“People say, ‘You’re so lucky,’” Michael said. “It’s not luck. You can’t call it luck. ... You’ve got to have faith.”
Informed by Faith
Just as the Catholic faith informs the Damians’ work, Kampa relies on it to guide this new phase of her career: “The more you’re surrounded by this industry and what’s going on and what you see in movies and magazines, you become more and more used to seeing things [that aren’t edifying] so that they’re not as shocking. So I always have to evaluate everything that comes my way.” Knowing she has young girls following her on Instagram, she said, makes her ask herself, “What do I want these girls to see?”
Another thought that influences her is: “If it’s not something beautiful or something I want God to walk with me in, it’s just not worth it.”
Kampa tries to get to Mass daily and Eucharistic adoration regularly, keeping a journal in which she records her personal and professional questions and heeds the advice of her mother, Kate: “Whenever you have a problem, just put it on our Blessed Mother’s lap, and she’ll take care of it for you.”
Kate Kampa said that by not going away to ballet school in Boston or New York, Keenan was able to remain grounded in her faith. “Everybody I knew that had a child who was serious in ballet sent them off to these prestigious schools,” she said, but Keenan, who was homeschooled with her sisters, studied dance at a local academy in Reston, Va., and took summer classes with the Boston Ballet and American Ballet Theater.
Kampa’s father, Joe, added that he is convinced that, without her Catholic faith, Keenan could not have withstood the challenges of dancing with the Mariinsky and, before that, attending Russia’s prestigious Vaganova Ballet Academy in St. Petersburg, where she was invited to study in 2007.
“Her faith became as strong as it has ever been in Russia,” her father said, “because she knew she had to cling to it to get through it.”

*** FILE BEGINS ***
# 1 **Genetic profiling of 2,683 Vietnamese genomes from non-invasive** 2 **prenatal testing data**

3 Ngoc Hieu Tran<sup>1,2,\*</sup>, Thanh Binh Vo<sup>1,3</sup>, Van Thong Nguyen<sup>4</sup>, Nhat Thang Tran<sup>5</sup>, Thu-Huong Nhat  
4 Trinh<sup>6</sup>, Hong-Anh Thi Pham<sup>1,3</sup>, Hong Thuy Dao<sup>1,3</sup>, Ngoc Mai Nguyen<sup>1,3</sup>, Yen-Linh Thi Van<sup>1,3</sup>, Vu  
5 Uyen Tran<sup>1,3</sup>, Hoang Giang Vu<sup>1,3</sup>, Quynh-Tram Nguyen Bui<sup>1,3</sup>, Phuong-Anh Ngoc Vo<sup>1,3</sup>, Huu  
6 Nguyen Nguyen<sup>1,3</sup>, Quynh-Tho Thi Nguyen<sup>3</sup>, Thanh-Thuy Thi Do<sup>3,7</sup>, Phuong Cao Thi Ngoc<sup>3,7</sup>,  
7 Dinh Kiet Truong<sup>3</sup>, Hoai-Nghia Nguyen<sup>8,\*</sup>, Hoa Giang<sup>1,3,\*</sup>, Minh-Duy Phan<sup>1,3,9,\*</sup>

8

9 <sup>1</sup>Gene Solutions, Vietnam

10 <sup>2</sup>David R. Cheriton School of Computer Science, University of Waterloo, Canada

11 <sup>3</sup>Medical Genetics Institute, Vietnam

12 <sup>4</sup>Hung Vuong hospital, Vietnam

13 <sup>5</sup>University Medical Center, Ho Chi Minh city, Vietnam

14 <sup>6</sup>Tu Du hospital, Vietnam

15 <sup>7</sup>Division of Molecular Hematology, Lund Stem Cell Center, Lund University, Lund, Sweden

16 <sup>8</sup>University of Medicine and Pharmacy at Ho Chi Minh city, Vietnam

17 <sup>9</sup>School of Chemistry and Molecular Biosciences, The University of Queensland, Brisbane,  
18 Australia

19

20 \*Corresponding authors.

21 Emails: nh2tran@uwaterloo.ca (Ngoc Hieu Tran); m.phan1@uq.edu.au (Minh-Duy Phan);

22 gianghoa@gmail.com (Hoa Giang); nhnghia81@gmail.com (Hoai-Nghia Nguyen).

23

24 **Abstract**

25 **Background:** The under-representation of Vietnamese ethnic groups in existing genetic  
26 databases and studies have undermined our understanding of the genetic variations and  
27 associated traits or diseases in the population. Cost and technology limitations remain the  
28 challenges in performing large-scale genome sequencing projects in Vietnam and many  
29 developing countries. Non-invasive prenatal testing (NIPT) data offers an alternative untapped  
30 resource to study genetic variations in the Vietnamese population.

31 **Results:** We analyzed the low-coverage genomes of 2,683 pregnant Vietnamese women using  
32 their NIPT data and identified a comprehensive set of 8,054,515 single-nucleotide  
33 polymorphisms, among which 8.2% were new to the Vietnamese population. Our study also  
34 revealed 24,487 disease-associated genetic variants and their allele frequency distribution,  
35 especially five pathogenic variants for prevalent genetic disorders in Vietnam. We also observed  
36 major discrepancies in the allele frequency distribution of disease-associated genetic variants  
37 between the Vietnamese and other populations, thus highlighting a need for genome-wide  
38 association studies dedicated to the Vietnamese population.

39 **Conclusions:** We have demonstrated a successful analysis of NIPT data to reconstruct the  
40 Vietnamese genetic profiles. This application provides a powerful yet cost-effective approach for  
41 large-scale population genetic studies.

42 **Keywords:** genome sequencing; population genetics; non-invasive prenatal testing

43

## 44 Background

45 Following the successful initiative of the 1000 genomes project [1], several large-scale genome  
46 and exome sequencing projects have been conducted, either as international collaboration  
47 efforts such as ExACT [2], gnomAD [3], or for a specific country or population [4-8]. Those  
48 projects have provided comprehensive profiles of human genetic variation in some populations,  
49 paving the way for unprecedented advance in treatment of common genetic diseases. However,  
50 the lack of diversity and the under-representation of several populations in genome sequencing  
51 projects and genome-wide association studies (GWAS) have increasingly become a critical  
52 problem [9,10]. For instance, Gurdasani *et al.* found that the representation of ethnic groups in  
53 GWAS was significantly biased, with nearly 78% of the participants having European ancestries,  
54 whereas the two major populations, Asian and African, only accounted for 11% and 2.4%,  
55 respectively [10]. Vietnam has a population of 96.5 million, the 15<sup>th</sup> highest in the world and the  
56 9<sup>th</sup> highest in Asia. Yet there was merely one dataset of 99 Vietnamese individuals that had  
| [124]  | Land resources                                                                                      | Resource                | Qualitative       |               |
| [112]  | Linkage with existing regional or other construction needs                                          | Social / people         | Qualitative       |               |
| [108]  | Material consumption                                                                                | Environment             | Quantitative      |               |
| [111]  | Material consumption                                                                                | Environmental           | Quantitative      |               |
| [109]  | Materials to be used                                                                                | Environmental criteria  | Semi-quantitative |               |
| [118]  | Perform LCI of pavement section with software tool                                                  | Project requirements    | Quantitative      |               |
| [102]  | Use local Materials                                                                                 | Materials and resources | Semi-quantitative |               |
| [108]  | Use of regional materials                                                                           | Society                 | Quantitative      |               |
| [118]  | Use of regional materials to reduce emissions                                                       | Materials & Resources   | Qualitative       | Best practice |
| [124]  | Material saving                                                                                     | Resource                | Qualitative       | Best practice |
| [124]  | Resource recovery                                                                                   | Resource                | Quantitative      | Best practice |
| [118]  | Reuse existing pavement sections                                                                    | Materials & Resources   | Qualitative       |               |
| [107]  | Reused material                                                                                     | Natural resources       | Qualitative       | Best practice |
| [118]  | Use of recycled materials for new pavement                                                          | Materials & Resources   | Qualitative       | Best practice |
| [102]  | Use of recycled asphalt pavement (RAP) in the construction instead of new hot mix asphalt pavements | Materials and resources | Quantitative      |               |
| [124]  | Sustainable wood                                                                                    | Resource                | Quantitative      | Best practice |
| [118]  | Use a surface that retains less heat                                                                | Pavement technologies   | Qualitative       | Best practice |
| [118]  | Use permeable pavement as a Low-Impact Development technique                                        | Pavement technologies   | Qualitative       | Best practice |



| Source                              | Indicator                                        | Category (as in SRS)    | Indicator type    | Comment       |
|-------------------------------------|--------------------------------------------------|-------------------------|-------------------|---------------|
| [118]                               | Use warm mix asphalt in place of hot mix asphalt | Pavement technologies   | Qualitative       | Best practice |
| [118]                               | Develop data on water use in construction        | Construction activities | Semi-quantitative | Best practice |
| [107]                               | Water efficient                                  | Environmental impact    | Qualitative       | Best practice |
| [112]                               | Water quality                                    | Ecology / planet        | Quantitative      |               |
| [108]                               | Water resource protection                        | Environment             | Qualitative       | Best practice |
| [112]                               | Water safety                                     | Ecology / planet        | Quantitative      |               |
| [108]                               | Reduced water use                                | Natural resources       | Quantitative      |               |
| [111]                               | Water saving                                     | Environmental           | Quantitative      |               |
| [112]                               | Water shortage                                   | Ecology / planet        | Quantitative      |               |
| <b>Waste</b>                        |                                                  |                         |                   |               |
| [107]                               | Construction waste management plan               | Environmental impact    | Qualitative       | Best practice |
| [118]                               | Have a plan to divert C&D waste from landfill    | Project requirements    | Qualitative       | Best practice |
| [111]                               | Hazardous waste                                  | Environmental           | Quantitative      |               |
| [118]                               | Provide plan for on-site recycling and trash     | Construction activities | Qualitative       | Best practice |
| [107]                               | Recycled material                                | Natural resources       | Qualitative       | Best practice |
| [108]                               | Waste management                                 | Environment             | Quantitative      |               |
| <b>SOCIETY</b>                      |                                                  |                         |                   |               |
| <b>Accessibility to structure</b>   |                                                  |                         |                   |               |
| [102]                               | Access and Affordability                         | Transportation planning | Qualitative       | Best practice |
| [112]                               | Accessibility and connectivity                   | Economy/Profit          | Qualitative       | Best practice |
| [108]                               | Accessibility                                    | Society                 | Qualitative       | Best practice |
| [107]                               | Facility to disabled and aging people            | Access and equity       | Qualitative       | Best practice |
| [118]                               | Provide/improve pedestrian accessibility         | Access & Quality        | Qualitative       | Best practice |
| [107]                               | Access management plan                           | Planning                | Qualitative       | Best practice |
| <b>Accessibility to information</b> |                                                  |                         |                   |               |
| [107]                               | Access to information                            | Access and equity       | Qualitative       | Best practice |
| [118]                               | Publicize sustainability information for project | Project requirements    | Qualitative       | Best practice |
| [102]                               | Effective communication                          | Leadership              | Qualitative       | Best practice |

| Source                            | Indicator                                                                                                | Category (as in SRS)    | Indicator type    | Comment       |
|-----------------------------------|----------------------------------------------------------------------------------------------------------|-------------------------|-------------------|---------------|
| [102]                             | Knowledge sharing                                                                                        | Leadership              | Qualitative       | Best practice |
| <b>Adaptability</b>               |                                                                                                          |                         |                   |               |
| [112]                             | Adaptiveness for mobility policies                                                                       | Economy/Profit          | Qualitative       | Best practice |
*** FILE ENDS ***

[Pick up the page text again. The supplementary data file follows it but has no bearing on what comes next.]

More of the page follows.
Keenan said her love of St. John Paul, who also was an actor, goes back to a general audience she attended with her parents and sisters when she was 13.
Devoted to St. John Paul
“We were way in the back, and I just took off from my family and got up in the front row. I remember being so moved by him,” she recalled. Before the end of the trip, she sent him a clay rosary she had made. “He sent me back a thank-you note and said he was praying for me. He’s my guy.”
Not surprisingly, the Damians are St. John Paul devotees, too. Janeen said she remembers well John Paul reaching out to Hollywood and those involved in the film industry to take seriously the gift they’ve been given. “As Catholics, we do take that very seriously,” Janeen said. “If you take a look at our body of work, we have been very careful about the projects we choose and write and put out there.”
Added Michael: “There’s a lot of negative cynicism, dysfunction, violence — a lot of really depressing films out there. ... They’re just cranking them out, and they get big awards and kudos, but you’re not going to be able to bring a family to 95% of them.”
Still, he continued, “We can’t change the other filmmakers, but we have control over changing it from our perspective, our body of work. Maybe that will inspire others.”
Catholics who complain about the dearth of movies with strong family values need to support the good ones by going to the theater to see them, Janeen said. “If you don’t, they’re not going to make the movies. It’s all driven by box office. We can get out there and support these films and make it happen.”
Although High Strung is not a religious movie, it contains an abundance of good messages about gutsy kindness to others and people from diverse backgrounds working together. Keenan’s character, for example, offers to help Johnnie when his violin and money are stolen, but she also lets him — and her roommate — know when he makes poor choices. When Johnnie and Ruby realize they need some help with their act for the string-and-dance competition, they ask a hip-hop group to join them, requiring everyone to adapt to new ways of performing.
In Ruby, Keenan said she sees someone who demonstrates the importance of perseverance, holding onto one’s values and showing respect for others. “It’s the perfect message for a little girl ... and a storyline all people can relate to.”
Judy Roberts writes from
- April 17-30, 2016